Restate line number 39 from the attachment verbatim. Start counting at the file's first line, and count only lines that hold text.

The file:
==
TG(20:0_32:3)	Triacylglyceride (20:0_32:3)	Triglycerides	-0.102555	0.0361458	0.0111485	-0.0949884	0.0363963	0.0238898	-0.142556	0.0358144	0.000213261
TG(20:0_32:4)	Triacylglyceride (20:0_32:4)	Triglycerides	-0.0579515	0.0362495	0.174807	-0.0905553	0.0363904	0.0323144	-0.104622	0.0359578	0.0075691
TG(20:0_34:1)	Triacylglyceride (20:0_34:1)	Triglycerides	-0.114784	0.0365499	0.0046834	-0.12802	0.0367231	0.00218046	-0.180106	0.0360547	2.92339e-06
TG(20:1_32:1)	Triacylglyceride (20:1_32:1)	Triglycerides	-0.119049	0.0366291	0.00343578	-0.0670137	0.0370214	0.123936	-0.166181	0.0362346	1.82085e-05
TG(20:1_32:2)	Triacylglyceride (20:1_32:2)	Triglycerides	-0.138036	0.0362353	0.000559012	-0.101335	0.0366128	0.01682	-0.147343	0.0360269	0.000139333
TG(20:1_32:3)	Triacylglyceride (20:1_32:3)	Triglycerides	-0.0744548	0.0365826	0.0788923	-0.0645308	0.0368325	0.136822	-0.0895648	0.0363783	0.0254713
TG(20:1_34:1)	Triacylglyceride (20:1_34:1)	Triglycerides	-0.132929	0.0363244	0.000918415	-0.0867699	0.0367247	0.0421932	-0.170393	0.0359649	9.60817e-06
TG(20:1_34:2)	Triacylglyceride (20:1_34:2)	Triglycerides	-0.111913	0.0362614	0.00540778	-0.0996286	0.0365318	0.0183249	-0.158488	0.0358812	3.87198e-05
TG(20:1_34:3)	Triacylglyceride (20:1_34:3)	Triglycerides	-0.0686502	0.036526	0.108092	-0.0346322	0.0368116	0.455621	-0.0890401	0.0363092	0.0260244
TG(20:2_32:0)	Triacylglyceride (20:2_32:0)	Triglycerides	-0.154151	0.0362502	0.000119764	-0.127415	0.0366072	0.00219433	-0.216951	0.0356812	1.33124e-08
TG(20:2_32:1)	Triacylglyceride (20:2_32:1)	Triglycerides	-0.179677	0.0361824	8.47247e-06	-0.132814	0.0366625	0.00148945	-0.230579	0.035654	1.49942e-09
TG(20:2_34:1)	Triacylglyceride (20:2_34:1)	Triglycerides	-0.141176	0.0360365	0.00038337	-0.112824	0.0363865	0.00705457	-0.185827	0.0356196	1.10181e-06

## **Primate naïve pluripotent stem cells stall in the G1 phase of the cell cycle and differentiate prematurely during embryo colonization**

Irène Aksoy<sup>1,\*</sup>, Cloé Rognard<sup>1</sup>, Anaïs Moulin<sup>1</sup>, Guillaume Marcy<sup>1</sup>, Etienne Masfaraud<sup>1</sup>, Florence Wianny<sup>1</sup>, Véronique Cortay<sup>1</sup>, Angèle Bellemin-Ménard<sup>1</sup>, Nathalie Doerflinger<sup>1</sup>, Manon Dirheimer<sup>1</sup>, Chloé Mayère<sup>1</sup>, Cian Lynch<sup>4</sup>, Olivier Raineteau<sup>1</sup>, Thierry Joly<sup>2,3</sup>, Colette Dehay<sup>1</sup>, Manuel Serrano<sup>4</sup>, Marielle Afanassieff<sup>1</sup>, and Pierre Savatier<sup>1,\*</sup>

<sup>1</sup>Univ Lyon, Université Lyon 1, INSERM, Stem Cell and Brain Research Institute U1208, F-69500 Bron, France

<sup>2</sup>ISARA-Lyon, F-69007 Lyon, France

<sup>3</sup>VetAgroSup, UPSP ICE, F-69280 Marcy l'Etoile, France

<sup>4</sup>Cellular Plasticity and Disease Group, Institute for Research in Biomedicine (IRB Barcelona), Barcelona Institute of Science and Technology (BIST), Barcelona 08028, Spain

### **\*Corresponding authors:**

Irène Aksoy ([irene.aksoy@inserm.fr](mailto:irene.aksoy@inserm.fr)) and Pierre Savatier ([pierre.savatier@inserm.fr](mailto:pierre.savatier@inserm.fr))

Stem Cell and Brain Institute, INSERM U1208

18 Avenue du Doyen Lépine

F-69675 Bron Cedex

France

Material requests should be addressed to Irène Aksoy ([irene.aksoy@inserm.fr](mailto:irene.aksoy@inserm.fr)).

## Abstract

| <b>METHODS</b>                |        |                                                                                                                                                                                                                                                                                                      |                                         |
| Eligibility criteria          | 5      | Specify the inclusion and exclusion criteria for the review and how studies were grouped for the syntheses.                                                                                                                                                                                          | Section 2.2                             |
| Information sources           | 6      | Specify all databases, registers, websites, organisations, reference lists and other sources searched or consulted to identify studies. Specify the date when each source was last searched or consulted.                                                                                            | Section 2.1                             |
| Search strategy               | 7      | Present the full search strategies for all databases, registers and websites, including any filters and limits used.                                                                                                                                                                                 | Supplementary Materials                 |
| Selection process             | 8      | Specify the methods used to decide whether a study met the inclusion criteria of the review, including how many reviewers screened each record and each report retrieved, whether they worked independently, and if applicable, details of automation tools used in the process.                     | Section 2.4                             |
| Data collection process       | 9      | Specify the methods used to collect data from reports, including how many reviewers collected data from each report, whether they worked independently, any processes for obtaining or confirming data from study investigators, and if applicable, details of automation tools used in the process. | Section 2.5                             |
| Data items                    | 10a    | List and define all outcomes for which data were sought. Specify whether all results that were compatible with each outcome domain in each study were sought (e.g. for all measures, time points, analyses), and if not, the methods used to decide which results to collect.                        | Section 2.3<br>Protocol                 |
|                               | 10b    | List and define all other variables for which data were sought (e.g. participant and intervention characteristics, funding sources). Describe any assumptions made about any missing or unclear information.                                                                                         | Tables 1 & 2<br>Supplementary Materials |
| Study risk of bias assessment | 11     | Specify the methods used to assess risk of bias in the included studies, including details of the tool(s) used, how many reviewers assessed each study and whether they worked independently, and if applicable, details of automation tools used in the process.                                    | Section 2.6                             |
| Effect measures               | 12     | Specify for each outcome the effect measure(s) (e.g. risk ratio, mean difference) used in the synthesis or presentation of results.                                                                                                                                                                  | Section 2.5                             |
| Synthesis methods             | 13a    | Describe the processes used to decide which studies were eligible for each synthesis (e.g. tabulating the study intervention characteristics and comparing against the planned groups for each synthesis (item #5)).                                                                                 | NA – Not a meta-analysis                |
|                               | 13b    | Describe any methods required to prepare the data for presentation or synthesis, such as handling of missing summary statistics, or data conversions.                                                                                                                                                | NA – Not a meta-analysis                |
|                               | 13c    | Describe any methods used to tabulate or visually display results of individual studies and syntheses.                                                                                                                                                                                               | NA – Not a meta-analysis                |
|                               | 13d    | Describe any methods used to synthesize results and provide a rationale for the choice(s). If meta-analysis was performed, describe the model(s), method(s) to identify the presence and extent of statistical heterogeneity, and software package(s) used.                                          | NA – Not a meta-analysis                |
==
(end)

|                               | 13c    | Describe any methods used to tabulate or visually display results of individual studies and syntheses.                                                                                                                                                                                               | NA – Not a meta-analysis                |